The entire town walked to the school at the designated time, stood in line for as long as it took to be handed a sugar cube, ate it, and was vaccinated against polio.
Rob, Rob. When you were four, there were no financial intermediaries! We live in a more advanced era, now.
“About 46 million Americans can’t afford quality health care, according to Gallup” [Yahoo News]. “Quality health care is unaffordable for an estimated 46 million Americans, according to a new study from Gallup and health care research firm West Health. A web survey of 3,753 adults living in all 50 U.S. states conducted from Feb. 15-21 via the Gallup Panel, a research panel built to be representative of the entire U.S. population, indicated that an estimated 46 million people (or 18% of the U.S. population) would be unable to pay for health care if they needed to access it. ‘ — one of the big takeaways from this is that over the course of the last year, the pandemic has a way of pushing the urgency of the health care crisis off of front pages, since COVID is obviously a health care issue,’ Dan Witters, senior researcher at Gallup, told Yahoo Finance.” • ”I wasn’t particularly surprised…..”
Livin’ the dream:
— Russell (@ericsapp) March 31, 2021
For your Seventh Inning Stretch entertainment:
— Nathan W. Pyle (@nathanwpyle) April 1, 2021
Groves of Academe
Very funny and very good:
— Virginia Matzek (@v_matzek) March 30, 2021
Definition of a meme: “[H]umorous image, video, piece of text, etc., that is copied (often with slight variations) and spread rapidly by internet users.” I would urge that these are not, in fact, memes, because the variations are essential, not accidental. They are snowclones (templates), but visual.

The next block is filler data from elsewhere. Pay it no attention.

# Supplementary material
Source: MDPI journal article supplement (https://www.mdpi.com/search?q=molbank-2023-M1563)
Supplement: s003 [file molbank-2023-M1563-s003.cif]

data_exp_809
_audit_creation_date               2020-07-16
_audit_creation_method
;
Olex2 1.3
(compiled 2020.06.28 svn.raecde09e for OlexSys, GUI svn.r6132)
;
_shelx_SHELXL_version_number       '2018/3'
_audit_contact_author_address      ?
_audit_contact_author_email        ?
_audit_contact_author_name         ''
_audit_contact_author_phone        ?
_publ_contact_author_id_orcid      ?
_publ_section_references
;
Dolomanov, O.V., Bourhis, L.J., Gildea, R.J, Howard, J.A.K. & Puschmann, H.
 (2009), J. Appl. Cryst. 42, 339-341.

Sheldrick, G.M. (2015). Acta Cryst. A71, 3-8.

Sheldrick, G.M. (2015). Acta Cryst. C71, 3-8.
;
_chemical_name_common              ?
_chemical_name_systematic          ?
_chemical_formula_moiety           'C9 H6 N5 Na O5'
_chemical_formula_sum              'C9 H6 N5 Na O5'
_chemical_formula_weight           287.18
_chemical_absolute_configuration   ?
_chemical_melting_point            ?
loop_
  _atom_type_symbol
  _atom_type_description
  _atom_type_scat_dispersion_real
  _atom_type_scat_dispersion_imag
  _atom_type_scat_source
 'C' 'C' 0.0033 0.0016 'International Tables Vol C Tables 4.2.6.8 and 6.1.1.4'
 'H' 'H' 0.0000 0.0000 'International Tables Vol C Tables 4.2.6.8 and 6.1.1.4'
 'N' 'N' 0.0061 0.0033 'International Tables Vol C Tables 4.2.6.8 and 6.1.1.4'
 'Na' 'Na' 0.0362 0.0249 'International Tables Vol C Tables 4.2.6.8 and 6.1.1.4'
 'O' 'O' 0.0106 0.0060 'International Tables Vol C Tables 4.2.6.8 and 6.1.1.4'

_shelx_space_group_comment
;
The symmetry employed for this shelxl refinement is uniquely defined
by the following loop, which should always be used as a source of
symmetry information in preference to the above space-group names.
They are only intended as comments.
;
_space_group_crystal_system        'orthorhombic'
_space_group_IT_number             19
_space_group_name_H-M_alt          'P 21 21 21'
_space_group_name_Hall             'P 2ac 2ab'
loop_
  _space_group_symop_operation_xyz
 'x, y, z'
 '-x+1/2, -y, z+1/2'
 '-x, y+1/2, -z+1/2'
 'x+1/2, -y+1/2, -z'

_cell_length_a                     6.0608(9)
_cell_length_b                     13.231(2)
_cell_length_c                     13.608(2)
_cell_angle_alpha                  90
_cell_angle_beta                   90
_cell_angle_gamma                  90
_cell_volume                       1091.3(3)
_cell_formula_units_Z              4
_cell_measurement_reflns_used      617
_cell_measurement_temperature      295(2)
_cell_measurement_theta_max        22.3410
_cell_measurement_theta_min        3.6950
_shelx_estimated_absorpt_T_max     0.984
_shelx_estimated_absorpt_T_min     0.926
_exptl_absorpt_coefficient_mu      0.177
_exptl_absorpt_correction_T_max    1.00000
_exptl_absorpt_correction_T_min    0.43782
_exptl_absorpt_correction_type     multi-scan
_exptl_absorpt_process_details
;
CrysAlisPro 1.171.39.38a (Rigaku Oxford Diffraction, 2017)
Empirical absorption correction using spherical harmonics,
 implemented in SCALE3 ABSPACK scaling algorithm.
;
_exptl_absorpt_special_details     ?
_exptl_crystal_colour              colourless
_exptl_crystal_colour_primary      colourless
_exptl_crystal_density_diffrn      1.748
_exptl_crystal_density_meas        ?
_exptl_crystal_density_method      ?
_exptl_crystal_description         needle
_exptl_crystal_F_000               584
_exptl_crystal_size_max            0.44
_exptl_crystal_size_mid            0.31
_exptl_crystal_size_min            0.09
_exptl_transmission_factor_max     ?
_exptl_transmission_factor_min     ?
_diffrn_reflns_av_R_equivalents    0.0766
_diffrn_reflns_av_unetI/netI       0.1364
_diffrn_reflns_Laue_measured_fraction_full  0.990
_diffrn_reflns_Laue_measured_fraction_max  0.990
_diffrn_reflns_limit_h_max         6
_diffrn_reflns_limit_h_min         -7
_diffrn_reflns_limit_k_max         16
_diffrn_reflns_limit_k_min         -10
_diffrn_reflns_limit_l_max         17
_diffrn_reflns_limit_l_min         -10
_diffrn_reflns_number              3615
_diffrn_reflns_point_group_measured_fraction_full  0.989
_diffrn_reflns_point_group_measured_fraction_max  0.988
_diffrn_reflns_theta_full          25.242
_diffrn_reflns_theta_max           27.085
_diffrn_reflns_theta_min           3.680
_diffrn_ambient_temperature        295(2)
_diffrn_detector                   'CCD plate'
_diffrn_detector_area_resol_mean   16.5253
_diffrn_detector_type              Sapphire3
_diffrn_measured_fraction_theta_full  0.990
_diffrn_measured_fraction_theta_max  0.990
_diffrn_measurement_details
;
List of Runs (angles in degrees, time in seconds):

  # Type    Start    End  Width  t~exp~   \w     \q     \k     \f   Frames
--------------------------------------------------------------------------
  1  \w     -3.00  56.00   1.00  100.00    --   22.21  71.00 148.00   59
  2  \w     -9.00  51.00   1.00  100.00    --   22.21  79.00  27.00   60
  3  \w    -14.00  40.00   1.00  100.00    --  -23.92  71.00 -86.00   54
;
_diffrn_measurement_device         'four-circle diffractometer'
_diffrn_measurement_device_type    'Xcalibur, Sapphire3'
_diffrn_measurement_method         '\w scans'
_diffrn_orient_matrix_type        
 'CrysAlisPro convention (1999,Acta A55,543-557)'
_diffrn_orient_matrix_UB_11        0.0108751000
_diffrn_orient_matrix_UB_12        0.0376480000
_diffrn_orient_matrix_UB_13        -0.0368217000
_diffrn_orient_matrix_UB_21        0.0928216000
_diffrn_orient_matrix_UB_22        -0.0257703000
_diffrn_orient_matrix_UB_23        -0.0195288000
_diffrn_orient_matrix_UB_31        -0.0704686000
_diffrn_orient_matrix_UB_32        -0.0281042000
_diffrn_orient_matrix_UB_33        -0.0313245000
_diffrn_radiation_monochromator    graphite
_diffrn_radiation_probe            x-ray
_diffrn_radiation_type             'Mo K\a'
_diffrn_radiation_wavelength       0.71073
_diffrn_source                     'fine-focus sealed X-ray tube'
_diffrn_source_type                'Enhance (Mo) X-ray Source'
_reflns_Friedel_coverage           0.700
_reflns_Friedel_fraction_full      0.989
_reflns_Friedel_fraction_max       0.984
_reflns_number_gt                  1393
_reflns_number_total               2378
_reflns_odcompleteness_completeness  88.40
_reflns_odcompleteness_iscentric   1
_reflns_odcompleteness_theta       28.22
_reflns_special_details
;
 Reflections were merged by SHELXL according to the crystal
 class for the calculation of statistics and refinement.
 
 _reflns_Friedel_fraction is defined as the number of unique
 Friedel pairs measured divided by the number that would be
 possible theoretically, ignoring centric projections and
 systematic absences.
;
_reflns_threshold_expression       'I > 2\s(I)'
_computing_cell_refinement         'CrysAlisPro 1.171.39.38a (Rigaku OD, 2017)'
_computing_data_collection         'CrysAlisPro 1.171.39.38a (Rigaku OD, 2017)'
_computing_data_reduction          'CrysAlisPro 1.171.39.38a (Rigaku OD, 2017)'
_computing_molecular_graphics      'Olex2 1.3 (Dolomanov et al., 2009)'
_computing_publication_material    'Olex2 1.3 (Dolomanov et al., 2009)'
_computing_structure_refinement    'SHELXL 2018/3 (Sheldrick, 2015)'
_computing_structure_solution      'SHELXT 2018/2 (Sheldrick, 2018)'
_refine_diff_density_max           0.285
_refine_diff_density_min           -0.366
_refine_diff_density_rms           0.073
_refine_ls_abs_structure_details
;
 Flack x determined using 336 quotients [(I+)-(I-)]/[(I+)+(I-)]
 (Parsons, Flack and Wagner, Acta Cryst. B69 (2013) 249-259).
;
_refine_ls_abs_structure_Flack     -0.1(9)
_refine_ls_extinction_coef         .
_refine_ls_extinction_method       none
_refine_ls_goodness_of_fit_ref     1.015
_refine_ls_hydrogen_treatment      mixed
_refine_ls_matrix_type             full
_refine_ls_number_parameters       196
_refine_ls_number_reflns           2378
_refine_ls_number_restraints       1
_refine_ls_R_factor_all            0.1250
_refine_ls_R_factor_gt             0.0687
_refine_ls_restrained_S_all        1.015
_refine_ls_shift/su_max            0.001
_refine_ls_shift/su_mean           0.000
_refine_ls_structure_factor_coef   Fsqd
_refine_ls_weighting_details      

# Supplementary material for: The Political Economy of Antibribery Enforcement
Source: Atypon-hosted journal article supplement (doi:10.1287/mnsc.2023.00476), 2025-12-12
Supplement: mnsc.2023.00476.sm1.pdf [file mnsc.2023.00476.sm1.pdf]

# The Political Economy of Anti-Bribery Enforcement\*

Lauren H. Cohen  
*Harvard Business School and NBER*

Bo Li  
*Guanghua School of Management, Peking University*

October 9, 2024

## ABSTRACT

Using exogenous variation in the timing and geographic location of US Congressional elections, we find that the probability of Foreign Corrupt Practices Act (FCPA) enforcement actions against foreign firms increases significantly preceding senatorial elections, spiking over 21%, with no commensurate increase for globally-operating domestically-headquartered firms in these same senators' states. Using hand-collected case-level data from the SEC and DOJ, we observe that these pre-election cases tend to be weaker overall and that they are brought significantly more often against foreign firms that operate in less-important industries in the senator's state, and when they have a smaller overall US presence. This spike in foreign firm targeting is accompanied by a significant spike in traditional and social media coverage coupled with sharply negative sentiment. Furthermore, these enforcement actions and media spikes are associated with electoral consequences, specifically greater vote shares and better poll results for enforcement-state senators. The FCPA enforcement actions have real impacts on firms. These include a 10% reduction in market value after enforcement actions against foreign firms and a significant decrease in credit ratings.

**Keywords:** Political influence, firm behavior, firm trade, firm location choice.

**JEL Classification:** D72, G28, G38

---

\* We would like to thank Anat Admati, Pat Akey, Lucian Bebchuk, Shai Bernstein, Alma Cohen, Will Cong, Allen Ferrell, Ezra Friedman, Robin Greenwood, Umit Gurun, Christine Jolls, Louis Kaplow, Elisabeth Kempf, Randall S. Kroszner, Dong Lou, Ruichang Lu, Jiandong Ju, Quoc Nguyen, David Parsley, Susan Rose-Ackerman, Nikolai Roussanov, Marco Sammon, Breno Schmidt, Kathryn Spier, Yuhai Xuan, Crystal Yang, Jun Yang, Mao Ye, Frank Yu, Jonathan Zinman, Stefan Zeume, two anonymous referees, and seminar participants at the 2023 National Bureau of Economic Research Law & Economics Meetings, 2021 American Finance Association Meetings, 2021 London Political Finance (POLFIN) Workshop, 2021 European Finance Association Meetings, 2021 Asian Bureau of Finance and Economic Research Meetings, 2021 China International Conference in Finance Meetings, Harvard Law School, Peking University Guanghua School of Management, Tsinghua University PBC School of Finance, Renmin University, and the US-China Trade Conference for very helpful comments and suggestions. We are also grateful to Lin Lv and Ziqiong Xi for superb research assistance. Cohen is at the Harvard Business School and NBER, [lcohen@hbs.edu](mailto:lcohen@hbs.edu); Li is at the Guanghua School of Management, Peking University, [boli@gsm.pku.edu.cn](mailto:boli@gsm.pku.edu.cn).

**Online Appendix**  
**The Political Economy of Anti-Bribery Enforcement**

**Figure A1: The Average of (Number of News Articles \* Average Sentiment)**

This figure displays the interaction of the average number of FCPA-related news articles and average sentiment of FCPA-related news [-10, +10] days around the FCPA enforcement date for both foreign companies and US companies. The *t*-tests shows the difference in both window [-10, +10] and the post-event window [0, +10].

The Agony Column
“Two Killed After Plane Crashes During Gender Reveal” [Daily Beast]. “Two pilots died in a crash after their plane revealed to the expectant couple that they would be having a girl via a trailing sign that read ‘It’s a girl!’ According to The Sun, one of the party attendees on the boat said before the plane took a nosedive, ‘It’s all good as long as it doesn’t end up crashing into us.'” • This keeps happening….
Black Injustice Tipping Point
The California oligarchy:
Imagine being a poor Asian kid in SF, son of Cambodian immigrants, you study until 2 AM every night trying to get your grades up so you can do better than your parents and this millionaire family is out here calling you privileged because you're the wrong skin color pic.twitter.com/3YA7ZAVKkO
— Zaid Jilani (@ZaidJilani) April 1, 2021
When the Bessemer Amazon votes will be counted:
INBOX: After day one of clearing ballots in the Bessemer, Alabama Amazon union election, NLRB estimates that the clearing process will conclude and the public count will begin on Friday or early next week.
— The Valley Labor Report (@LaborReporters) March 31, 2021
“Journalist Investigates Amazon Warehouse Life And The Pitfalls Of ‘One-Click America'” [NPR]. Alec McGinnis: “The loss of community in these jobs is one of the big parts of what’s changed, the fact that you used to know all the people you worked with, you were maybe related to some of them. After you left work at the steel mill on Sparrows Point [in Baltimore], you would often, of course, roll out of your shift and go to the bar, go to the diner, whatever it might be with the people you worked with. Now you go in, you do your shift, your 10-hour shift — it’s very grueling, repetitive, demanding — and then you get the heck out of there. A former millworker who lives nearby says … that they’ve had full speed bumps [put] in because people are just desperate to get out of there.”